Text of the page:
Instead of a driveway, they want to claim the public right-of-way that fills the end of their street with a riotous tangle of bushes and trees. The neighbors pooled an estimated $10,000 to file an "abandonment application" that asks Menlo Park to grant the land to the adjoining homeowners, since the city has no use for it.

Abandonment benefits the neighborhood as a whole, rather than a single developer, they said.

It would also eliminate Mr. Sinnott's ability to create an exit from his property on Louise Street, according to the city staff's report.

Public Works Director Chip Taylor told the Almanac abandonment isn't common. "It really depends on the issue. ... if the council decides they are not going to approve the driveway there, there's no reason for the city to maintain that little piece of right-of-way."

But, he added, city staff recommended approving the driveway. The required encroachment permit is "typically done over the counter, but property owners can appeal any decision to the council." According to the city's report, however, "(s)taff cannot recollect the last time a driveway permit was ever appealed."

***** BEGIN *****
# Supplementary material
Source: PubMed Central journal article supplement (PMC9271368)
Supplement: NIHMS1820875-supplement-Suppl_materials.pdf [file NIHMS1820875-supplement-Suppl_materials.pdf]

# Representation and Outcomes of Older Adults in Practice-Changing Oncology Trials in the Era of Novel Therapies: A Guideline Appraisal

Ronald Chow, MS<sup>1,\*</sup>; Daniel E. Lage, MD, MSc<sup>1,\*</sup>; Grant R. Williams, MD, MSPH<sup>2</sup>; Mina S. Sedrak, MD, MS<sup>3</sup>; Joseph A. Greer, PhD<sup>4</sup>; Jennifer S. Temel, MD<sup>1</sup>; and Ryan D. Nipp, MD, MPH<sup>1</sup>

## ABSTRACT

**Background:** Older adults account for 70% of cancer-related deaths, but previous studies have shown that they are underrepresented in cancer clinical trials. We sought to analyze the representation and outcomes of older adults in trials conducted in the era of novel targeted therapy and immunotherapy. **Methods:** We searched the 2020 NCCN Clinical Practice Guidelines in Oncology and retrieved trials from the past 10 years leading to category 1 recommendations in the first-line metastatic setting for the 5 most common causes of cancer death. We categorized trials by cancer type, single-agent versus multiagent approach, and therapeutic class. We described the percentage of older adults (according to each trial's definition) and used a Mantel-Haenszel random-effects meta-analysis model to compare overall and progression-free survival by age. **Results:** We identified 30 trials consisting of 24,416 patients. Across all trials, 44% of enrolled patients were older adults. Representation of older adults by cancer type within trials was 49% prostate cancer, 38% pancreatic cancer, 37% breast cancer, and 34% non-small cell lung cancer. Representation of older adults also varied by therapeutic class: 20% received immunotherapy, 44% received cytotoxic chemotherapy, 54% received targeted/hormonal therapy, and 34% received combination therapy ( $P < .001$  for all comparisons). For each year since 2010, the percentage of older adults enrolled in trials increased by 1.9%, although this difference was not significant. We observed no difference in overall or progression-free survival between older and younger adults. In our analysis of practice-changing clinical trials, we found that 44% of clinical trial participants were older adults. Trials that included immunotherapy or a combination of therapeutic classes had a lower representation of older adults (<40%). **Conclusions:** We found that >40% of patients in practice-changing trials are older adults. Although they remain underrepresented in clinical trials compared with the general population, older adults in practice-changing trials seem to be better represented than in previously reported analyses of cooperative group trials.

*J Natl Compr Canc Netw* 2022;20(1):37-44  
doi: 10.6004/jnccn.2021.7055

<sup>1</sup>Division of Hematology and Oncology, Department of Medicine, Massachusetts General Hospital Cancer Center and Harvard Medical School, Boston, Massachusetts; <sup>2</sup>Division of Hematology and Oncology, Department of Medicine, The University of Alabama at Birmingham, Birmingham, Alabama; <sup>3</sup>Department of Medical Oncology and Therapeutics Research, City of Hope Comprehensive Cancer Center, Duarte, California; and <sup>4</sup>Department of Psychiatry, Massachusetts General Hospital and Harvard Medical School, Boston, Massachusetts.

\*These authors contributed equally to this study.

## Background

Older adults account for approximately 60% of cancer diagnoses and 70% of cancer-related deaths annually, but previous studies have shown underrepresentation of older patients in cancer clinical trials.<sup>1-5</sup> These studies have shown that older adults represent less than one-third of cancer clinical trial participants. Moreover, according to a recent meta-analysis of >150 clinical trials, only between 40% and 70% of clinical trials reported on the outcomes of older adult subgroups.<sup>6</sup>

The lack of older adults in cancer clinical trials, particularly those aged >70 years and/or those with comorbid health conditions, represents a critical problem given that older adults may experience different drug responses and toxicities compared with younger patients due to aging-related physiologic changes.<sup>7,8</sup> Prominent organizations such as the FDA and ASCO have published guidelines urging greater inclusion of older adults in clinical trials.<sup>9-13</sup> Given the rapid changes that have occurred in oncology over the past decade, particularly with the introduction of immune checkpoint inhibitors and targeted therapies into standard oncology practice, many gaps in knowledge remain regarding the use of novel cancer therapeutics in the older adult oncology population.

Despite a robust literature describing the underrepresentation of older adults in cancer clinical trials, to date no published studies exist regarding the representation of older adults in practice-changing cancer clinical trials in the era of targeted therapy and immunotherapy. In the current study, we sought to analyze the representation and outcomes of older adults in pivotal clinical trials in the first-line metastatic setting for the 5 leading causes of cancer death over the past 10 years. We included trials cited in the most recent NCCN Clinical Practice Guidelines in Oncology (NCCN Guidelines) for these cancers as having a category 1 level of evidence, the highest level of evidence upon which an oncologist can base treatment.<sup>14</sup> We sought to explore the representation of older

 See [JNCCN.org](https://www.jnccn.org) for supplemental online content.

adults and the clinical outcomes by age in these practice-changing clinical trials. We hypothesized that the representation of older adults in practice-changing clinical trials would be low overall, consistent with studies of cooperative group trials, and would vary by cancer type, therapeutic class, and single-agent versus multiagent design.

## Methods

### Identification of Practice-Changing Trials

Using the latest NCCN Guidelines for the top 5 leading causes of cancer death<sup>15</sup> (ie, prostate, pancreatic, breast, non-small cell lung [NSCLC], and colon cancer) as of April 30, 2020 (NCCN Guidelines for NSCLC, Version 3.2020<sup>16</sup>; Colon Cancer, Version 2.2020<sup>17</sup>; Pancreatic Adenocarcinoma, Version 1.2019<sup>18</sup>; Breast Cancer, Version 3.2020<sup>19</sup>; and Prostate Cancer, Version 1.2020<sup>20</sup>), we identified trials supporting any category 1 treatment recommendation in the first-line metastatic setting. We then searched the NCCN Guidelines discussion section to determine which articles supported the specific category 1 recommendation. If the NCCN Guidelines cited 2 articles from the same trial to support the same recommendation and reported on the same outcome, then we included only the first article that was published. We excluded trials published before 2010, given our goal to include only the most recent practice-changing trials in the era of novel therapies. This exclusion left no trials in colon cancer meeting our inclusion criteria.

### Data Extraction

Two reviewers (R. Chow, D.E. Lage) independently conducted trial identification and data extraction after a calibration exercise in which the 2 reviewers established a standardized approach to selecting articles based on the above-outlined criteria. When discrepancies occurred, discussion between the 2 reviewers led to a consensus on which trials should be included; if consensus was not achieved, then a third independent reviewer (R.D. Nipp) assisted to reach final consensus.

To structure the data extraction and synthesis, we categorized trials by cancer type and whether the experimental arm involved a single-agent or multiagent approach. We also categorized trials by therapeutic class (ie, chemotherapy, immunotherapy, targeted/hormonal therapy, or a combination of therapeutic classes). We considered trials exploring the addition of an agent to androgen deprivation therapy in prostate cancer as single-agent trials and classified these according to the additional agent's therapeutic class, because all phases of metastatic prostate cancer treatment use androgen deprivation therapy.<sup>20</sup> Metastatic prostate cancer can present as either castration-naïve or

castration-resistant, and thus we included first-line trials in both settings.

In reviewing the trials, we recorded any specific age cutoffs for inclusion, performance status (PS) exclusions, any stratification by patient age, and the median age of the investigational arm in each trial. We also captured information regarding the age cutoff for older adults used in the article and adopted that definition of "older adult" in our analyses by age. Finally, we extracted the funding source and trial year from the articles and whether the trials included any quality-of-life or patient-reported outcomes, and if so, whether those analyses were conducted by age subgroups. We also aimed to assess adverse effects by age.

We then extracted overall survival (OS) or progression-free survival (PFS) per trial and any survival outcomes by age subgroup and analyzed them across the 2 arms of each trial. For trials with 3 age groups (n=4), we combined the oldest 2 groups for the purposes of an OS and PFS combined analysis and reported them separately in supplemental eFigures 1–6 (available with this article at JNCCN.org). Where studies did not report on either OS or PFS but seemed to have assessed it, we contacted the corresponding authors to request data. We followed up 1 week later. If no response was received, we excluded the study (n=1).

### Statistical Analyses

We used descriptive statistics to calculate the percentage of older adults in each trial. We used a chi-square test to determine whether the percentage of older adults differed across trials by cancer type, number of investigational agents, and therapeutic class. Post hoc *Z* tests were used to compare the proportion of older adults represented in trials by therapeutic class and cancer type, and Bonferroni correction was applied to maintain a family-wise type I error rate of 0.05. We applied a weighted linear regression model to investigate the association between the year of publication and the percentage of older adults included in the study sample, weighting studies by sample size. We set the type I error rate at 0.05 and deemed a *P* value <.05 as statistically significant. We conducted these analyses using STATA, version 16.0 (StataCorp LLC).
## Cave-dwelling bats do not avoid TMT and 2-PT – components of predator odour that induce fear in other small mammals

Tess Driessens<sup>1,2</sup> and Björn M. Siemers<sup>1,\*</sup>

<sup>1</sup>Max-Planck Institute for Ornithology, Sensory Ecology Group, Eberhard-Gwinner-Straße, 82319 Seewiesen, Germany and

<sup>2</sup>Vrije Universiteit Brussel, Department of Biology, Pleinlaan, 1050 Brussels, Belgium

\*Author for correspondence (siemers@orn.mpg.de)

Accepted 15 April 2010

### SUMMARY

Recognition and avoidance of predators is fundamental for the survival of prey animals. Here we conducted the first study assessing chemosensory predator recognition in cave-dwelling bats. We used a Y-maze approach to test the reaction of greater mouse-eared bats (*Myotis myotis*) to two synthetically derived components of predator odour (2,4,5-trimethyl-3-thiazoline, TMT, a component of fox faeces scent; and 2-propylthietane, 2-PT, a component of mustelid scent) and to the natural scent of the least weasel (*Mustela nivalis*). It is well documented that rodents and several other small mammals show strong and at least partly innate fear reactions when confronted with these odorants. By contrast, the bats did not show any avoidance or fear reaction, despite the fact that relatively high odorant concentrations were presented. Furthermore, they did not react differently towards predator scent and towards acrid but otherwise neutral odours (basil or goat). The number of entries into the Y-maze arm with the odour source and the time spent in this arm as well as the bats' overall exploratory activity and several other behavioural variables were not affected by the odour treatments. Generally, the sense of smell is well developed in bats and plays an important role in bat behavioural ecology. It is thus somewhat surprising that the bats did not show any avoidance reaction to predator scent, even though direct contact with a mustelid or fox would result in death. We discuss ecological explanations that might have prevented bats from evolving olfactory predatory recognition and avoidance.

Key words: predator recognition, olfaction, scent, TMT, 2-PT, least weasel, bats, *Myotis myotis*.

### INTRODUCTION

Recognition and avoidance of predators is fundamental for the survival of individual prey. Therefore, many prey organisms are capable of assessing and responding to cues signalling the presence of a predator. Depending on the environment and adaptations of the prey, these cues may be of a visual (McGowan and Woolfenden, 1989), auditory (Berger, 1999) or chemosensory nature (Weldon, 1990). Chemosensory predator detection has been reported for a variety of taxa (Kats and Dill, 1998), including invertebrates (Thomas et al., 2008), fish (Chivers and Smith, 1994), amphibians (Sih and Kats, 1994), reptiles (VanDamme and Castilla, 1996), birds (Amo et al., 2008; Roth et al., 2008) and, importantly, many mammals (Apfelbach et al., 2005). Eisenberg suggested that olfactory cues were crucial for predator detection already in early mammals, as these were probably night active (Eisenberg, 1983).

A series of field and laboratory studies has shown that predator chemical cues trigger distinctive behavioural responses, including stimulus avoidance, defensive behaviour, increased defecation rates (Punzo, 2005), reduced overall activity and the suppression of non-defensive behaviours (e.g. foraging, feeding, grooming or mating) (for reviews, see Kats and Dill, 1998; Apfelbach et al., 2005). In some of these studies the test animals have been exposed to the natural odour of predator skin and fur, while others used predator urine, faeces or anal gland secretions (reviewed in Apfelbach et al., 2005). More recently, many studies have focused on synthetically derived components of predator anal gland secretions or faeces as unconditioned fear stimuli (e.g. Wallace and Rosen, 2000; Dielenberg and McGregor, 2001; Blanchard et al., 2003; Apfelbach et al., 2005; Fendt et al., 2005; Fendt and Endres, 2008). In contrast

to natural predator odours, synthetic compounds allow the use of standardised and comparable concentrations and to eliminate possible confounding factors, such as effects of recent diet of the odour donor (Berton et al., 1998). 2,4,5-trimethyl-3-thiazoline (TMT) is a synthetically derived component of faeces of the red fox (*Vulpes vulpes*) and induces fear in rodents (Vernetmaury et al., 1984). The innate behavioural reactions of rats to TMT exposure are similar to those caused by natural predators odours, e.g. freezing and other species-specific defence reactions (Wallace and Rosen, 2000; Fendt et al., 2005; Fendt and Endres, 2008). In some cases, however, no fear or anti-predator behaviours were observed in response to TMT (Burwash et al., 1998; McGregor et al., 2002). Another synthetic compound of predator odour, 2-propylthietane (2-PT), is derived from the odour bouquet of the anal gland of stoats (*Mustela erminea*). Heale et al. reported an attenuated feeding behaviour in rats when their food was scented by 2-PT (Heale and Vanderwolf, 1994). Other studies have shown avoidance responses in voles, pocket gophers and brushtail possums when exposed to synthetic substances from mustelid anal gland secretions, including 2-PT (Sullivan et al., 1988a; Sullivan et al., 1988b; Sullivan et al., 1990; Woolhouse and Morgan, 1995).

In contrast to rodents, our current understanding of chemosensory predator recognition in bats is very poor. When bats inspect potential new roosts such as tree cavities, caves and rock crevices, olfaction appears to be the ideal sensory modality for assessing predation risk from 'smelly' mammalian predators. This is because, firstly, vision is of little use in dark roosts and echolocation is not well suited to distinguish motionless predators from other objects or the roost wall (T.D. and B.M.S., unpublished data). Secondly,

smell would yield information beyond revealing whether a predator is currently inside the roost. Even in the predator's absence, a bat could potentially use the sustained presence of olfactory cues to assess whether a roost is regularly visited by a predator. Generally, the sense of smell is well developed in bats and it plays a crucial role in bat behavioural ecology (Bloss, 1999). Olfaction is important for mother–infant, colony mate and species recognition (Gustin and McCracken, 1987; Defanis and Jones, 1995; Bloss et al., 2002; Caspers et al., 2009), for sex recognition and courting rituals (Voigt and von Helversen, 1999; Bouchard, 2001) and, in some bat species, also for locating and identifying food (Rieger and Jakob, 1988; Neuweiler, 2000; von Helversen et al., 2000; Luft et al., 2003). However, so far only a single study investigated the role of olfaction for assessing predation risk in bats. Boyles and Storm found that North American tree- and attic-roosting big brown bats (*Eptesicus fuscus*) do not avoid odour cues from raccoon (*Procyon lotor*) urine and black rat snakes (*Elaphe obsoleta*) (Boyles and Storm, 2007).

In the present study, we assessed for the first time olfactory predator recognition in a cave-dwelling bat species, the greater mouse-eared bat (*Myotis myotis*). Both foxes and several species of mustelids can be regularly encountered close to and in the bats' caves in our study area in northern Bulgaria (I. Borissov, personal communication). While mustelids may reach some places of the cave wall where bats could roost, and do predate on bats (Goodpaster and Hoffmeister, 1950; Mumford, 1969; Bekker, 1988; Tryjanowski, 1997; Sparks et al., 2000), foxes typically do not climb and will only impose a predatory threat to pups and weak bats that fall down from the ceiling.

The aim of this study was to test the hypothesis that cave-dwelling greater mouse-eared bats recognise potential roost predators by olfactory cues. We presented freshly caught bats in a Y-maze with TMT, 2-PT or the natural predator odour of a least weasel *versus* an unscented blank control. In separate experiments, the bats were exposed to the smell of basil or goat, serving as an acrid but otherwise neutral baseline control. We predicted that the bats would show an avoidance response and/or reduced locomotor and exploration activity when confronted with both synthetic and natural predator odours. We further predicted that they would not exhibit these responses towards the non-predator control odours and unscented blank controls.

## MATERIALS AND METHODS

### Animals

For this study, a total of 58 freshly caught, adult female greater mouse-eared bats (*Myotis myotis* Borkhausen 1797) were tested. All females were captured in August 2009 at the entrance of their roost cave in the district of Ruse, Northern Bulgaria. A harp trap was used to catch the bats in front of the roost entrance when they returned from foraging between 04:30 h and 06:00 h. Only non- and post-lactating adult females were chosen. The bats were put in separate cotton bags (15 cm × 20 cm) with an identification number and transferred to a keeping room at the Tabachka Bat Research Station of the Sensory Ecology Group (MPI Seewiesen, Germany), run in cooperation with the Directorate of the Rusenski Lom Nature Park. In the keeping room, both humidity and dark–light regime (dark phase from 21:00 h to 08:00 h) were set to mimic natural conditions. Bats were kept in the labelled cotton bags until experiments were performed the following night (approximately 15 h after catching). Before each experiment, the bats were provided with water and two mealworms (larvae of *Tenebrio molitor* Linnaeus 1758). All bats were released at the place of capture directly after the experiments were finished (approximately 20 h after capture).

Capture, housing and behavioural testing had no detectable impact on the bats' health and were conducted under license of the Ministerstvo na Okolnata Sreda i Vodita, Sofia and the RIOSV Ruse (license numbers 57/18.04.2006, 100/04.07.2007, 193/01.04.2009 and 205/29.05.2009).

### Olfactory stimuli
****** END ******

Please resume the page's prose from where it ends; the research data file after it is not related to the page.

Developer and neighbors have reportedly sat down many times to hash out the issues. Louise Street resident Michael Schwarz described the conversations as "not especially productive. He's intent on building the driveway and at this point we're equally intent on stopping it."

Building the driveway would support Mr. Sinnott's attempt to change the address of the home from Santa Cruz Avenue to Louise Street, and that also rubs the neighbors the wrong way.

"We respect the developer's right to build a new house on the property. But he has no right to take a property on Santa Cruz Avenue and turn it into a property on Louise Street," said resident Kiki Kapany.

The city does appear to agree that the address of the home should remain on Santa Cruz Avenue, with staff saying no when Mr. Sinnott asked twice during the past 12 months if they'd support changing the address.

Despite that, an ad for a new $5.5 million home ran on Craigslist in December 2012: "New Development, 5BDRs, 5 baths, 1 Office, Guest house, basement, 2 car garage ... Current address: 1825 Santa Cruz. New expected address after development will be complete: 100 Louise St. Frontage of house will be on Louise St."

"My partner put that up; that's wrong," Mr. Sinnott said. He said the point of the ad was to find a buyer early enough that the family could have input into the layout, materials, and other customizable aspects of the house.